Day in and day out, the beaming students of the Special Ed. department meet with their peer tutors, grab their carts and set off to do recycling. They diligently stop at every classroom and empty the bins, putting them back to be filled up again.
The paper they collect is taken out to the donated containers found by the seminary building where it’s picked up and weighed. Then fifteen dollars for every ton of paper is awarded to Mrs. Welsh, the severe unit teacher in charge of the paper recycling program at Fremont.
After collecting an average of 4 to 5 tons of paper including the boxes from the kitchen the students help unload and smash, she rewards the students that help recycle with a fun, end-of-year activity.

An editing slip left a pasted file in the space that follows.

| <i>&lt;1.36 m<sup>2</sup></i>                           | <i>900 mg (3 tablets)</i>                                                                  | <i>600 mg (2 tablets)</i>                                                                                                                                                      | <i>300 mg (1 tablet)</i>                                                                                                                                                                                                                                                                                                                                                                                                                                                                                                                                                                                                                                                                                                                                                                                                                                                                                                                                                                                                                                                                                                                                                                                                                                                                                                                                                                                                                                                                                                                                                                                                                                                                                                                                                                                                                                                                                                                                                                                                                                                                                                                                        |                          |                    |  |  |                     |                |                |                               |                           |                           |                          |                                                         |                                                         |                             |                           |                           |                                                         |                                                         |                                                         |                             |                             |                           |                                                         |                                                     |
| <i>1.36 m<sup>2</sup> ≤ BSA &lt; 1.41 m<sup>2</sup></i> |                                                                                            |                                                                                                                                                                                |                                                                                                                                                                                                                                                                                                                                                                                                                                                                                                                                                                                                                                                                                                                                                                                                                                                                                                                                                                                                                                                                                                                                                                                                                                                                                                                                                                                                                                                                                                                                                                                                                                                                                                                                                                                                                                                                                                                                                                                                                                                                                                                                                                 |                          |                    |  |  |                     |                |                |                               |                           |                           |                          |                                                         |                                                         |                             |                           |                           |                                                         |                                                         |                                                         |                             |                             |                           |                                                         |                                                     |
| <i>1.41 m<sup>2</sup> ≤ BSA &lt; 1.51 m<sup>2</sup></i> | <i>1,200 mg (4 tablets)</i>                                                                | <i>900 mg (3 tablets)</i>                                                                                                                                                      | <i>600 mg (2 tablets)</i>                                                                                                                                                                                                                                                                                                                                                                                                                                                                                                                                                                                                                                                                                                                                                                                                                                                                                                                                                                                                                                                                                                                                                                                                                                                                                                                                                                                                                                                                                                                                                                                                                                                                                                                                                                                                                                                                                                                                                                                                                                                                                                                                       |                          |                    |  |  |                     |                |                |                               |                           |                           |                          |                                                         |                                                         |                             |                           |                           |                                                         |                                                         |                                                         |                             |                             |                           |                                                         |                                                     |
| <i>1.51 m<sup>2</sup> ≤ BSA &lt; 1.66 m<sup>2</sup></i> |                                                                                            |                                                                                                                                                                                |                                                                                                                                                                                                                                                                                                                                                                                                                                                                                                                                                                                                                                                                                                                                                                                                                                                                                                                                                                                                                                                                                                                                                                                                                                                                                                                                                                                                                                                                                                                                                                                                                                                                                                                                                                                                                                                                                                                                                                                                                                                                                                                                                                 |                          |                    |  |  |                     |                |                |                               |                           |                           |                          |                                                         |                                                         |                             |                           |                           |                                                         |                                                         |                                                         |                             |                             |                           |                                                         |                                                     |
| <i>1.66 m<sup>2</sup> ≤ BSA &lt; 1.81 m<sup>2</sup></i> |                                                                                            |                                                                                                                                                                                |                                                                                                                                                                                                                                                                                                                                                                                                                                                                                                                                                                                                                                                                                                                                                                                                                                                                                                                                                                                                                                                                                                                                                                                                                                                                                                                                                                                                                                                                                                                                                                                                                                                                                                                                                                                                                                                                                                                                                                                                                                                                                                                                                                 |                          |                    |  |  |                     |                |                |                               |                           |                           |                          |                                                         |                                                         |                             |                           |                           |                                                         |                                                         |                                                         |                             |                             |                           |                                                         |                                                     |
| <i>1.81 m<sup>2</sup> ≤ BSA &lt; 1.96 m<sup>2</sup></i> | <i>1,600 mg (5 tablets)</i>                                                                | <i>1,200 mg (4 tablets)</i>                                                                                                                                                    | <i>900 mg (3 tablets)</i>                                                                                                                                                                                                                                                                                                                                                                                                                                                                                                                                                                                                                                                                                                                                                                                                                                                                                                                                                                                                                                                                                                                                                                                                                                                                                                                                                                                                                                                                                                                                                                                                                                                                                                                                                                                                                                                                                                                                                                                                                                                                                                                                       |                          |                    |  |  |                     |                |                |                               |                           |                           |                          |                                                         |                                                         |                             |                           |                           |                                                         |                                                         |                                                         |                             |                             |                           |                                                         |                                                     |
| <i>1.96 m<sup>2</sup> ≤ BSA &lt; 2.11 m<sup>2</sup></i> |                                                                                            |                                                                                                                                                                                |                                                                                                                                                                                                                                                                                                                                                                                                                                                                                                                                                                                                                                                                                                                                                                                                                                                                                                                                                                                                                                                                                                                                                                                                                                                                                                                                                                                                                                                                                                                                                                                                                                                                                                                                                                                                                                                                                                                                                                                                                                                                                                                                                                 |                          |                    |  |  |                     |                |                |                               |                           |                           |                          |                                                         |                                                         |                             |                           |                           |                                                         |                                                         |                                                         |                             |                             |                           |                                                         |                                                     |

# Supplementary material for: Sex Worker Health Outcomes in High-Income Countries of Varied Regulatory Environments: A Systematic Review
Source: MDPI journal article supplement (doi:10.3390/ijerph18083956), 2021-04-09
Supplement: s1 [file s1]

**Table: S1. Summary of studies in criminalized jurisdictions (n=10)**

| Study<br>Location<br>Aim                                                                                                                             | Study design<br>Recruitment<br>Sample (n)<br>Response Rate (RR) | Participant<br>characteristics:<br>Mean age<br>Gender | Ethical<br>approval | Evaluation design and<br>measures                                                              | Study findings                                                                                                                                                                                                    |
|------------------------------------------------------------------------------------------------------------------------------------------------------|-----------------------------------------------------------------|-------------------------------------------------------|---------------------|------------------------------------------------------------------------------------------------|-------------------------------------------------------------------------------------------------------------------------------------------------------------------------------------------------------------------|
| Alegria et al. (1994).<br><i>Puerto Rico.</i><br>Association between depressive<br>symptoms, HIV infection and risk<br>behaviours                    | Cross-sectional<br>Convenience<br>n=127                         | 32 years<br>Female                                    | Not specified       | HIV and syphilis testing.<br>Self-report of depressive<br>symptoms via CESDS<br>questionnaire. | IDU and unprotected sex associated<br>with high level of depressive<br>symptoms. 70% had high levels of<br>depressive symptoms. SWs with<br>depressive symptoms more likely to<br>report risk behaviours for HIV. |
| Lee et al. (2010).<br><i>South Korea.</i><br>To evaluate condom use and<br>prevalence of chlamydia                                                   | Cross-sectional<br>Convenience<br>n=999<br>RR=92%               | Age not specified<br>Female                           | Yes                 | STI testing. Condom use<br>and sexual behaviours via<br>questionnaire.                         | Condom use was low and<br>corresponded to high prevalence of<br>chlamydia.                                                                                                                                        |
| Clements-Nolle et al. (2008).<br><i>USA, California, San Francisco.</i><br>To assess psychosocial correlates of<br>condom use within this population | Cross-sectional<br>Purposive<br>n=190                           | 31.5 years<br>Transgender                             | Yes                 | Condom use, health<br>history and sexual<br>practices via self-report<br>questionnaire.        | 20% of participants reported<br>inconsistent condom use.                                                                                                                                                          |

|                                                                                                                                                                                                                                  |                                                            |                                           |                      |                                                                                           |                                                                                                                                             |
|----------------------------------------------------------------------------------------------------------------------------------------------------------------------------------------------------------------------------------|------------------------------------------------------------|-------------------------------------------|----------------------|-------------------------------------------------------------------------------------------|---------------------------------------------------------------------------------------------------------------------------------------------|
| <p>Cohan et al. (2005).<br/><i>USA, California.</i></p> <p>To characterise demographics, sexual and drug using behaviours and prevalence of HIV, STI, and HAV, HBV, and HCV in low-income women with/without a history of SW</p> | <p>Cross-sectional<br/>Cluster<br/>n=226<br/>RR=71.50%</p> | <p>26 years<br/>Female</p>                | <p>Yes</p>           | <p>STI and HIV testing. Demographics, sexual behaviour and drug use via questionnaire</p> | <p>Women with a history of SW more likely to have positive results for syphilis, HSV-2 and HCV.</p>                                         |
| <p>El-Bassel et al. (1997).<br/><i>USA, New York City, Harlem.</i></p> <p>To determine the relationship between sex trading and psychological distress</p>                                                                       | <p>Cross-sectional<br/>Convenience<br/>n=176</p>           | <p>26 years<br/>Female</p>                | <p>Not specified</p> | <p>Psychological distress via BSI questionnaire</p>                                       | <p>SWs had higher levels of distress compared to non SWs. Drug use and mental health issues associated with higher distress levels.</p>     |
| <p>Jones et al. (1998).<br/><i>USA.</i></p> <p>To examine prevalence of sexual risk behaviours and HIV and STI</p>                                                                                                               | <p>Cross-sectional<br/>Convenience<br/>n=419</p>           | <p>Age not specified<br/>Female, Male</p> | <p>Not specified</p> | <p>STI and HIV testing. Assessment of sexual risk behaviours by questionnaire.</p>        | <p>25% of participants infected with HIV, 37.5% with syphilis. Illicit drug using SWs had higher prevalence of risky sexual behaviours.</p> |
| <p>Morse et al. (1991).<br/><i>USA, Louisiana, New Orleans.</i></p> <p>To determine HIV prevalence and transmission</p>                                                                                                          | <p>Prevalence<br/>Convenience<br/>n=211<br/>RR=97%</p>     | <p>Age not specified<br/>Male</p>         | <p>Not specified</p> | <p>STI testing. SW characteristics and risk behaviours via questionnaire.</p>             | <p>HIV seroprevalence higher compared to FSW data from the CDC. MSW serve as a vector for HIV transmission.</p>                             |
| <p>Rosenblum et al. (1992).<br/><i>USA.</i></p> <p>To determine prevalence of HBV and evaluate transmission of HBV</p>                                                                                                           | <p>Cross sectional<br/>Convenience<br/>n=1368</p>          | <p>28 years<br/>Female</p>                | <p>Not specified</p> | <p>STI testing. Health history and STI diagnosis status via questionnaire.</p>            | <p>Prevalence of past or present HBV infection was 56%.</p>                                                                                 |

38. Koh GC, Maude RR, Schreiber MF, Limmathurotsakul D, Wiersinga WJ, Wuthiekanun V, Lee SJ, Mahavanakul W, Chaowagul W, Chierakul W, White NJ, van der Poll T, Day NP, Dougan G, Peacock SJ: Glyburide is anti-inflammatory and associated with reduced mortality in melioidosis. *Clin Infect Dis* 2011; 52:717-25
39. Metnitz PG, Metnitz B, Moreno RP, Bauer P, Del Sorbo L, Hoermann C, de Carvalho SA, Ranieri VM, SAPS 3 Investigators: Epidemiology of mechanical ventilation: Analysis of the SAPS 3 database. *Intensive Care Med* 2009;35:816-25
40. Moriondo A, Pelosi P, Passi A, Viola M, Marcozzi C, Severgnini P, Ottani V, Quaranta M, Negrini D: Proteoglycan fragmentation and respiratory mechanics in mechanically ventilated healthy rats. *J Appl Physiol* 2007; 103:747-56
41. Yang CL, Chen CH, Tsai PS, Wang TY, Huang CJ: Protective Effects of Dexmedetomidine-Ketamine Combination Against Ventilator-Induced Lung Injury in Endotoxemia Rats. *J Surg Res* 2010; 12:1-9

Julia Soleto is a student in the Special Ed. department. She says that emptying the recycling baskets is the best part of her day.
“It’s fun,” Soleto said with a grin at the mere mention of recycling.
Kalem Fields is also involved in the recycling program and he loves it. His favorite part of the process is “getting the recycling” and the end-of-year activity.
As the “Recycling Captain,” Fields pushes the cart and wears his favorite color.
“A green cape, a mask, and shorts,” he said, with a big and proud smile.
Fields also believes that recycling is a super power.
Mrs. Welsh isn’t the only teacher that uses her “super power” to pay for activities. Welding teacher, Mr. Ellertson, recycles soda cans throughout the year to fund a party for his students.
The recycling program is growing rapidly. Last fall, Fremont had one recycling container and by January there were two. Another was added quickly after and yet another may be on its way.
“Once you realize how important it is, you become excited about doing it,” Welsh said.
Illustration by Alicia Anderson; *After a year of hard work, Mrs. Welsh and her super powered students get ready for their end-of-year celebration